John Stuart Mill on Epicurus

  • I ran into this passage (from the Continuing Challenge of Epicureanism by Michael Kenneth Wilson) and at some point I'll move this to a better place to find in the future. Looks like pages 99 and 100 are worth finding and reading

    John Stuart Mill observes that the original followers of Epicurus were likened to pigs for making pleasure their chief end. Similarly, Utilitarians, have sometimes been lampooned for reviving such a doctrine. When Epicureans were called pigs they responded that such an accusation assumed that human beings are not capable of any pleasure other than what pigs can experience. Consequently, it was their accusers who were really guilty of degrading human nature. Indeed, Mill recognizes, “…there is no known Epicurean theory of life which does not assign to the pleasure of the intellect, of the feelings and imagination, and of the moral sentiments, a much higher value as pleasures than to those of mere sensation.” 12

    11 John Stuart Mill, “Higher and Lower Pleasures” in Philosophy: Basic Readings (ed. Nigel Warburton; London:

    Routledge, 1999) 99.

    12 “Higher and Lower Pleasures”, 100.

  • From Wikipedia:

    Higher and lower pleasures[edit]

    Mill's major contribution to utilitarianism is his argument for the qualitative separation of pleasures. Bentham treats all forms of happiness as equal, whereas Mill argues that intellectual and moral pleasures (higher pleasures) are superior to more physical forms of pleasure (lower pleasures). He distinguishes between happiness and contentment, claiming that the former is of higher value than the latter, a belief wittily encapsulated in the statement that, "it is better to be a human being dissatisfied than a pig satisfied; better to be Socrates dissatisfied than a fool satisfied. And if the fool, or the pig, are of a different opinion, it is because they only know their own side of the question."[74]

    This made Mill believe that "our only ultimate end"[77] is happiness. One unique part of his utilitarian view, that is not seen in others, is the idea of higher and lower pleasures. Mill explains the different pleasures as:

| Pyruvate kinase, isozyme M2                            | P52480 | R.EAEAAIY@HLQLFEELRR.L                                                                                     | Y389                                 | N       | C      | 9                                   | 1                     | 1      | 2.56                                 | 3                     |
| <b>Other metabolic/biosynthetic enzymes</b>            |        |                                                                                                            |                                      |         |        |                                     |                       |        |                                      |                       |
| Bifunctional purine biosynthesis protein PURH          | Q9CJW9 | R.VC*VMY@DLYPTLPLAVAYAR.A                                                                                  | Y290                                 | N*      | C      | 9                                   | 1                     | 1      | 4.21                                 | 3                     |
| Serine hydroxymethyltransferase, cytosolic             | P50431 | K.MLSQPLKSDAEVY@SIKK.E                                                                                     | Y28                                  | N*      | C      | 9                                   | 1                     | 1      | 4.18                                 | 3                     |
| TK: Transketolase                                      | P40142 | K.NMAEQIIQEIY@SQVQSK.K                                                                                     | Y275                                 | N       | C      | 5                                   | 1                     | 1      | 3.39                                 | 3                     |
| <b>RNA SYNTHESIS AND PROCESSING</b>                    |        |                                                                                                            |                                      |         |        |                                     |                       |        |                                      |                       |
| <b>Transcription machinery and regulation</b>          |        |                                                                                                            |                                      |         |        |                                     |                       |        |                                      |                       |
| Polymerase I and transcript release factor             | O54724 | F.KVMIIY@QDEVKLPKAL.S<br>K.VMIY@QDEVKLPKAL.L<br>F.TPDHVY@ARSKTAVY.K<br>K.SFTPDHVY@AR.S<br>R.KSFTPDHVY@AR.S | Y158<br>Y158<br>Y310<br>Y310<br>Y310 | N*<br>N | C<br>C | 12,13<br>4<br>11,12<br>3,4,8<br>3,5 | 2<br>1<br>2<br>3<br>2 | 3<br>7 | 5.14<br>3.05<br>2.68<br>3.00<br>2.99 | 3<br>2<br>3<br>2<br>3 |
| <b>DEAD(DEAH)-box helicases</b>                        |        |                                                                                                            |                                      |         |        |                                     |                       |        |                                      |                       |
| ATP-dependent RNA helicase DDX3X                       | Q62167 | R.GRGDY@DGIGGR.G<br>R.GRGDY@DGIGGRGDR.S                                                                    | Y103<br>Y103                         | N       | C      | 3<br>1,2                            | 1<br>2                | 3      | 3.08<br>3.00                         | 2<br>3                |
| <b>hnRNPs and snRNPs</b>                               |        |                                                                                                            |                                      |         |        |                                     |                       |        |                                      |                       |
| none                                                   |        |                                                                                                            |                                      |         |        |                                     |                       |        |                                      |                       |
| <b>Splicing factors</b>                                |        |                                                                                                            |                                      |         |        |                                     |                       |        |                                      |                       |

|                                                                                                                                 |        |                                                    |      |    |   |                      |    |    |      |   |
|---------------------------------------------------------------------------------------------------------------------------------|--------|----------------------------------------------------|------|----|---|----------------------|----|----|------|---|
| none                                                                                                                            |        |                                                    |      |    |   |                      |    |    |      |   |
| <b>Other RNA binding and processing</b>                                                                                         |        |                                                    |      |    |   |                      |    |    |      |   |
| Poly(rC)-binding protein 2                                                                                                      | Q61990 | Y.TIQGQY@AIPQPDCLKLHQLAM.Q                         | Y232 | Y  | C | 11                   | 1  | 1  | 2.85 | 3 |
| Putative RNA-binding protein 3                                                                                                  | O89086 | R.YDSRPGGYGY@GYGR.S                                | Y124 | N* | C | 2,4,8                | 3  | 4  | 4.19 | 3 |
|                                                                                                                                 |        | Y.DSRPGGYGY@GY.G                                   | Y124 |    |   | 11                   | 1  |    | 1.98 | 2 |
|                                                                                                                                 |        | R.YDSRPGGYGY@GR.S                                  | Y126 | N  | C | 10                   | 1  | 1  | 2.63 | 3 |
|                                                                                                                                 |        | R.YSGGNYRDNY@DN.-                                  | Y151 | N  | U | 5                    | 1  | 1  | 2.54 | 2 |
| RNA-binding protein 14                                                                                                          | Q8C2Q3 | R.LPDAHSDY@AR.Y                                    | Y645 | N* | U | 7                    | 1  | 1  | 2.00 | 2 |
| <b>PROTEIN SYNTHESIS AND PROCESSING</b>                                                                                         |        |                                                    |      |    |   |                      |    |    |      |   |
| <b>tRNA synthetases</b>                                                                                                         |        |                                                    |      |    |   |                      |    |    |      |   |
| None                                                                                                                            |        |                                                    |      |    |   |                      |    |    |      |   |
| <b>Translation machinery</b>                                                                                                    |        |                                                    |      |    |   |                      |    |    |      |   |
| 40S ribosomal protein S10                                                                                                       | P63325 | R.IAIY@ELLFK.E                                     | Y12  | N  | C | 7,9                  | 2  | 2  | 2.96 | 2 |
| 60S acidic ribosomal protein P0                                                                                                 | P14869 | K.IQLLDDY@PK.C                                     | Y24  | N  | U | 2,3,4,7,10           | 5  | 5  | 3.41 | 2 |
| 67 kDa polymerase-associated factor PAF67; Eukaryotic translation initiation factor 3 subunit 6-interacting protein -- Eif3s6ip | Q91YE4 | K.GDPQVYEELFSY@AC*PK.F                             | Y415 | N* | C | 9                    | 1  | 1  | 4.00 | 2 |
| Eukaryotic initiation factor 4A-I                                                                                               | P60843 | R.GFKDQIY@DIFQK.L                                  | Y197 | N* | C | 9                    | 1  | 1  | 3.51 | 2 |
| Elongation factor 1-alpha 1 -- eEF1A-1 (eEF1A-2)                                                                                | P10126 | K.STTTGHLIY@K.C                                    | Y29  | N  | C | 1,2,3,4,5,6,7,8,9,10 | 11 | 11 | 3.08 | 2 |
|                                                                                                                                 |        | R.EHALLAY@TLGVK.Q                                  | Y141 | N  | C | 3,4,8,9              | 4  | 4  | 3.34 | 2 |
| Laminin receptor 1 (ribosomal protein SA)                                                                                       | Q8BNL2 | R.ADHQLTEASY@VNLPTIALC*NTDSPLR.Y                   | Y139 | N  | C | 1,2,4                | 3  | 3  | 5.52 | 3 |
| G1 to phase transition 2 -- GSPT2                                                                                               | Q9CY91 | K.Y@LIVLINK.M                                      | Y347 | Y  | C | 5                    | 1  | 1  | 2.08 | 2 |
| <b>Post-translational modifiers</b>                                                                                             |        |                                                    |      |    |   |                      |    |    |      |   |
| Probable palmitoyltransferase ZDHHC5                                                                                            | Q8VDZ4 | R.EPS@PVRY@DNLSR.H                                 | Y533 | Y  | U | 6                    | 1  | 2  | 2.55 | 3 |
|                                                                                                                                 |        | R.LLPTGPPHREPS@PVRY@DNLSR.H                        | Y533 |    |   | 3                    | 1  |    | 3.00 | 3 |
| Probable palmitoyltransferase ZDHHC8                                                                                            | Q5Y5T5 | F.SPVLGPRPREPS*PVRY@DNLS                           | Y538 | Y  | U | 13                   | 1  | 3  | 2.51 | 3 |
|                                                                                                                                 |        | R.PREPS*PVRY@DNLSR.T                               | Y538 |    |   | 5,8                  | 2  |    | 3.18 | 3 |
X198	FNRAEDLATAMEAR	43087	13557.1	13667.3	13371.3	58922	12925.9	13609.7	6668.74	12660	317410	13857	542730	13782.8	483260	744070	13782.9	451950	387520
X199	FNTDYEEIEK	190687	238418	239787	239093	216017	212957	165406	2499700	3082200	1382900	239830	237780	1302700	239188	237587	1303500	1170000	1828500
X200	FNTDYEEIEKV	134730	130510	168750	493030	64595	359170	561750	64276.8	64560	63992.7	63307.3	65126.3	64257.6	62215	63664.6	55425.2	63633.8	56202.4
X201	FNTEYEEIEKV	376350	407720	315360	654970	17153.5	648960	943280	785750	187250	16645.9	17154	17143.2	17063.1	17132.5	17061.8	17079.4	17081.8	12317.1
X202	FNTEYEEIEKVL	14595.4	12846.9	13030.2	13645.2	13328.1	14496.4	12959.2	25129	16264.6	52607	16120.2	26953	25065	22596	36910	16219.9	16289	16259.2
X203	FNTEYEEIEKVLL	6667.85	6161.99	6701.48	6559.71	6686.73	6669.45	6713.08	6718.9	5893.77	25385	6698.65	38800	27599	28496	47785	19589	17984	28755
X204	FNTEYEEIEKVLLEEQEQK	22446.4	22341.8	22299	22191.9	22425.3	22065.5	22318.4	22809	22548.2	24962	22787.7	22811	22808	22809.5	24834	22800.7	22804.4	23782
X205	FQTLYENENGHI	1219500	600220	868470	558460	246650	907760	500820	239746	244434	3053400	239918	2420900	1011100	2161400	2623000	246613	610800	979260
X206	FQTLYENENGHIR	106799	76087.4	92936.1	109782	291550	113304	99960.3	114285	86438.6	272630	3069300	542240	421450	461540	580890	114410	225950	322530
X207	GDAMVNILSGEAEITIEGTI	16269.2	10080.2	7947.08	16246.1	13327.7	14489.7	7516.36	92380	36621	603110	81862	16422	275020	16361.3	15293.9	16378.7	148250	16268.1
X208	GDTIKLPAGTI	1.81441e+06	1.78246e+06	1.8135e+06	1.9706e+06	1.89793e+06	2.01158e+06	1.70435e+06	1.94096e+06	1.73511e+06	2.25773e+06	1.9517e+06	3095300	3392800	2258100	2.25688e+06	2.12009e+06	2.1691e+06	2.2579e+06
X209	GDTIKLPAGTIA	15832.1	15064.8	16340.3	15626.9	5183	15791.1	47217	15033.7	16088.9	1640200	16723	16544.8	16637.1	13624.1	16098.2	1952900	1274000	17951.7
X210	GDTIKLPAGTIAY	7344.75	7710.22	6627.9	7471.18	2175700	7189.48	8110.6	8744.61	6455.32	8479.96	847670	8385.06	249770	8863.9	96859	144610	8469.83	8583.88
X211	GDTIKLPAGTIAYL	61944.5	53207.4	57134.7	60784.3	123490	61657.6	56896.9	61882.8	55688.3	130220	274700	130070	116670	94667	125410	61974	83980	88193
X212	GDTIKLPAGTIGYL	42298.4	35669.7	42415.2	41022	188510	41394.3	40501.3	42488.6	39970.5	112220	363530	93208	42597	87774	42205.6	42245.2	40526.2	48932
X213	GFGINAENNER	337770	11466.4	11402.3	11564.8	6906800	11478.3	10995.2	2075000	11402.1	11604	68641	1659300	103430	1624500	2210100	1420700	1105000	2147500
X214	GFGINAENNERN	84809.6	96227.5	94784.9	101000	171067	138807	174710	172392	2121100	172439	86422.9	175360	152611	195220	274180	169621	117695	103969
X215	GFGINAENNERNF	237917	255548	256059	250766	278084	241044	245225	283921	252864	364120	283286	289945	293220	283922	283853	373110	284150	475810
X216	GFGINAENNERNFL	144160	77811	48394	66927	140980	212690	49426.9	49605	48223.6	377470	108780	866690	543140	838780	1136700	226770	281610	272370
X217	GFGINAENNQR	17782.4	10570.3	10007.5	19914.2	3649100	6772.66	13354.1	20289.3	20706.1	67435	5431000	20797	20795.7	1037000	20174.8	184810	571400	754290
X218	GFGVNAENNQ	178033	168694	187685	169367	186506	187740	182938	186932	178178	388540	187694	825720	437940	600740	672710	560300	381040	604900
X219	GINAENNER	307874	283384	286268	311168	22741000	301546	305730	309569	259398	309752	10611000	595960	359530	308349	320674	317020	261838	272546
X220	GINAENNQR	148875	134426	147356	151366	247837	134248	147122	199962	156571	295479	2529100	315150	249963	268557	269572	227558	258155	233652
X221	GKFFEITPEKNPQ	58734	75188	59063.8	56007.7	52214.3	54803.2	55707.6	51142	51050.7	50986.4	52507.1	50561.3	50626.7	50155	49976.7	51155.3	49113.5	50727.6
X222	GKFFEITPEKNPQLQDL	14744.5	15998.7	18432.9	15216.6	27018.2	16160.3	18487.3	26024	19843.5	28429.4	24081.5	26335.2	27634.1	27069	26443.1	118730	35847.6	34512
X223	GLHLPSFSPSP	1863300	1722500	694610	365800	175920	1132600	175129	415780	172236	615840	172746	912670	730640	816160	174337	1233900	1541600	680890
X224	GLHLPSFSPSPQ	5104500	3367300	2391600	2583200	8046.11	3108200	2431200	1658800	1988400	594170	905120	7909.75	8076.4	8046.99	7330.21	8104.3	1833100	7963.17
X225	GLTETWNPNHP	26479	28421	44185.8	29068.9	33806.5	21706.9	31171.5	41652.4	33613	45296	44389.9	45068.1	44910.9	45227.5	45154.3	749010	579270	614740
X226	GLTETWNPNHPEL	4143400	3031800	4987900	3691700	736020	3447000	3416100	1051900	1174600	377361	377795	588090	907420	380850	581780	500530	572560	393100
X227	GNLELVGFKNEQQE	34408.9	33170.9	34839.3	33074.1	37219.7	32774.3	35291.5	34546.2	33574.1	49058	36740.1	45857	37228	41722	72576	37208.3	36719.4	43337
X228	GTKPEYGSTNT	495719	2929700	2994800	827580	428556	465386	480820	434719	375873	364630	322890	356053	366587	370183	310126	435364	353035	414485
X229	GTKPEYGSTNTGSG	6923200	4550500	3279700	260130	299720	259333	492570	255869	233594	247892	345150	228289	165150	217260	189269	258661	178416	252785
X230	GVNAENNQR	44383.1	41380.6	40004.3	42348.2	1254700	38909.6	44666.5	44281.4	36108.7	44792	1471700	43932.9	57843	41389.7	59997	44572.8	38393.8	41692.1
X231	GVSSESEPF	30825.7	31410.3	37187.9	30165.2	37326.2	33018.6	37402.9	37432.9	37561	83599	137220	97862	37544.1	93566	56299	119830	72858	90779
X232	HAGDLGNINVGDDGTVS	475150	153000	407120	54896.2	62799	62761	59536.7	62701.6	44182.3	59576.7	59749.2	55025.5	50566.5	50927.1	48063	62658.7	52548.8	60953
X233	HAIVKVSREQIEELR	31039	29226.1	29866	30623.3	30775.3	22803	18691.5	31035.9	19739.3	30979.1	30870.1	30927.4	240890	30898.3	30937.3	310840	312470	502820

If I am asked, what I mean by difference of quality in pleasures, or what makes one pleasure more valuable than another, merely as a pleasure, except its being greater in amount, there is but one possible answer. Of two pleasures, if there be one to which all or almost all who have experience of both give a decided preference […] that is the more desirable pleasure.[78]

    He defines higher pleasures as mental, moral, and aesthetic pleasures, and lower pleasures as being more sensational. He believed that higher pleasures should be seen as preferable to lower pleasures since they have a greater quality in virtue. He holds that pleasures gained in activity are of a higher quality than those gained passively.[79]

    Mill defines the difference between higher and lower forms of pleasure with the principle that those who have experienced both tend to prefer one over the other. This is, perhaps, in direct contrast with Bentham's statement that "Quantity of pleasure being equal, push-pin is as good as poetry",[80] that, if a simple child's game like hopscotch causes more pleasure to more people than a night at the opera house, it is more incumbent upon a society to devote more resources to propagating hopscotch than running opera houses. Mill's argument is that the "simple pleasures" tend to be preferred by people who have no experience with high art, and are therefore not in a proper position to judge. He also argues that people who, for example, are noble or practise philosophy, benefit society more than those who engage in individualist practices for pleasure, which are lower forms of happiness. It is not the agent's own greatest happiness that matters "but the greatest amount of happiness altogether".[81]